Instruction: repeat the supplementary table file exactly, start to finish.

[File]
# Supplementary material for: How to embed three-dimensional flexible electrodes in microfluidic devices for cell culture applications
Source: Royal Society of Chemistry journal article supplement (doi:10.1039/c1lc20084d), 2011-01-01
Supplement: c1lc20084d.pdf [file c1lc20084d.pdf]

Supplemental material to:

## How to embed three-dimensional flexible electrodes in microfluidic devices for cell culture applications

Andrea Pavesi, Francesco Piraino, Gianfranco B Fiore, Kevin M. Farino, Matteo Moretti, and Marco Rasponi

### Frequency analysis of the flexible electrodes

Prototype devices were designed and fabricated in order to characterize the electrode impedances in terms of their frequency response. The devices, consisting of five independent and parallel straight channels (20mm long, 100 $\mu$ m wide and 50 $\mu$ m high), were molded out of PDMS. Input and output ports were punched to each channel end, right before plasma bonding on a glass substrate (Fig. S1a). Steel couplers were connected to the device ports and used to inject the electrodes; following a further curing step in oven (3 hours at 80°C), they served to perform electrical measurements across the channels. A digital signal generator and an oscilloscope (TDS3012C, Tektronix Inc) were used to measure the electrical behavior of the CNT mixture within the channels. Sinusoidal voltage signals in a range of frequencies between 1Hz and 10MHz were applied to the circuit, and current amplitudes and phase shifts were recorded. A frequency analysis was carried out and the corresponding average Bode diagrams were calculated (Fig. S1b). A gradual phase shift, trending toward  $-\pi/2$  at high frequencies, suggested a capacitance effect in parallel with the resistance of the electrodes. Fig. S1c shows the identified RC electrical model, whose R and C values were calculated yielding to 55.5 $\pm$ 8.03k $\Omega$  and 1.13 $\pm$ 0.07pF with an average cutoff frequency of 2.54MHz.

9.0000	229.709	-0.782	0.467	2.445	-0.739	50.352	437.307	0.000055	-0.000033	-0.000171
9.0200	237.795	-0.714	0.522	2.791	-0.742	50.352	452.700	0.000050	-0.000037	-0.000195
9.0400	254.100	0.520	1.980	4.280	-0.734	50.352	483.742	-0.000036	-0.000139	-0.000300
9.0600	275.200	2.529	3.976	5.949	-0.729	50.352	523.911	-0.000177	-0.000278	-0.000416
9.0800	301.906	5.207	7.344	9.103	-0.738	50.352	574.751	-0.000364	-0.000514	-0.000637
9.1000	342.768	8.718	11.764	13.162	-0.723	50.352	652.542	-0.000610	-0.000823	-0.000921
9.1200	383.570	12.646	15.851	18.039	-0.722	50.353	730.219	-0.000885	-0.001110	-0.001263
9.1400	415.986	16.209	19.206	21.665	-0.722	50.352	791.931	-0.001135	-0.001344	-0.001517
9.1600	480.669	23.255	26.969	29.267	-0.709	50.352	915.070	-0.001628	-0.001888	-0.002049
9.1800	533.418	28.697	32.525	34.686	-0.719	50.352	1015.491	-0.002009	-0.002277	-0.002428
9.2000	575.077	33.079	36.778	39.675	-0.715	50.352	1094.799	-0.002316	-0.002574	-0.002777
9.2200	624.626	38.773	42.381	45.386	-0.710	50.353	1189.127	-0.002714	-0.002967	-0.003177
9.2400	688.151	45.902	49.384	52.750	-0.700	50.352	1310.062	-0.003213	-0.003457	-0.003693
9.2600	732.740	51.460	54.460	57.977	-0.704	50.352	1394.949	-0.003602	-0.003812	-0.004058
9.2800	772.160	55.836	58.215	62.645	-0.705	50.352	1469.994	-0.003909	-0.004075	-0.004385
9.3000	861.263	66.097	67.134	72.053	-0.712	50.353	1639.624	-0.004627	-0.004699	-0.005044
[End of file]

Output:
# Supplementary material for: How to embed three-dimensional flexible electrodes in microfluidic devices for cell culture applications
Source: Royal Society of Chemistry journal article supplement (doi:10.1039/c1lc20084d), 2011-01-01
Supplement: c1lc20084d.pdf [file c1lc20084d.pdf]

Supplemental material to:

## How to embed three-dimensional flexible electrodes in microfluidic devices for cell culture applications

Andrea Pavesi, Francesco Piraino, Gianfranco B Fiore, Kevin M. Farino, Matteo Moretti, and Marco Rasponi

### Frequency analysis of the flexible electrodes

Prototype devices were designed and fabricated in order to characterize the electrode impedances in terms of their frequency response. The devices, consisting of five independent and parallel straight channels (20mm long, 100 $\mu$ m wide and 50 $\mu$ m high), were molded out of PDMS. Input and output ports were punched to each channel end, right before plasma bonding on a glass substrate (Fig. S1a). Steel couplers were connected to the device ports and used to inject the electrodes; following a further curing step in oven (3 hours at 80°C), they served to perform electrical measurements across the channels. A digital signal generator and an oscilloscope (TDS3012C, Tektronix Inc) were used to measure the electrical behavior of the CNT mixture within the channels. Sinusoidal voltage signals in a range of frequencies between 1Hz and 10MHz were applied to the circuit, and current amplitudes and phase shifts were recorded. A frequency analysis was carried out and the corresponding average Bode diagrams were calculated (Fig. S1b). A gradual phase shift, trending toward  $-\pi/2$  at high frequencies, suggested a capacitance effect in parallel with the resistance of the electrodes. Fig. S1c shows the identified RC electrical model, whose R and C values were calculated yielding to 55.5 $\pm$ 8.03k $\Omega$  and 1.13 $\pm$ 0.07pF with an average cutoff frequency of 2.54MHz.

9.0000	229.709	-0.782	0.467	2.445	-0.739	50.352	437.307	0.000055	-0.000033	-0.000171
9.0200	237.795	-0.714	0.522	2.791	-0.742	50.352	452.700	0.000050	-0.000037	-0.000195
9.0400	254.100	0.520	1.980	4.280	-0.734	50.352	483.742	-0.000036	-0.000139	-0.000300
9.0600	275.200	2.529	3.976	5.949	-0.729	50.352	523.911	-0.000177	-0.000278	-0.000416
9.0800	301.906	5.207	7.344	9.103	-0.738	50.352	574.751	-0.000364	-0.000514	-0.000637
9.1000	342.768	8.718	11.764	13.162	-0.723	50.352	652.542	-0.000610	-0.000823	-0.000921
9.1200	383.570	12.646	15.851	18.039	-0.722	50.353	730.219	-0.000885	-0.001110	-0.001263
9.1400	415.986	16.209	19.206	21.665	-0.722	50.352	791.931	-0.001135	-0.001344	-0.001517
9.1600	480.669	23.255	26.969	29.267	-0.709	50.352	915.070	-0.001628	-0.001888	-0.002049
9.1800	533.418	28.697	32.525	34.686	-0.719	50.352	1015.491	-0.002009	-0.002277	-0.002428
9.2000	575.077	33.079	36.778	39.675	-0.715	50.352	1094.799	-0.002316	-0.002574	-0.002777
9.2200	624.626	38.773	42.381	45.386	-0.710	50.353	1189.127	-0.002714	-0.002967	-0.003177
9.2400	688.151	45.902	49.384	52.750	-0.700	50.352	1310.062	-0.003213	-0.003457	-0.003693
9.2600	732.740	51.460	54.460	57.977	-0.704	50.352	1394.949	-0.003602	-0.003812	-0.004058
9.2800	772.160	55.836	58.215	62.645	-0.705	50.352	1469.994	-0.003909	-0.004075	-0.004385
9.3000	861.263	66.097	67.134	72.053	-0.712	50.353	1639.624	-0.004627	-0.004699	-0.005044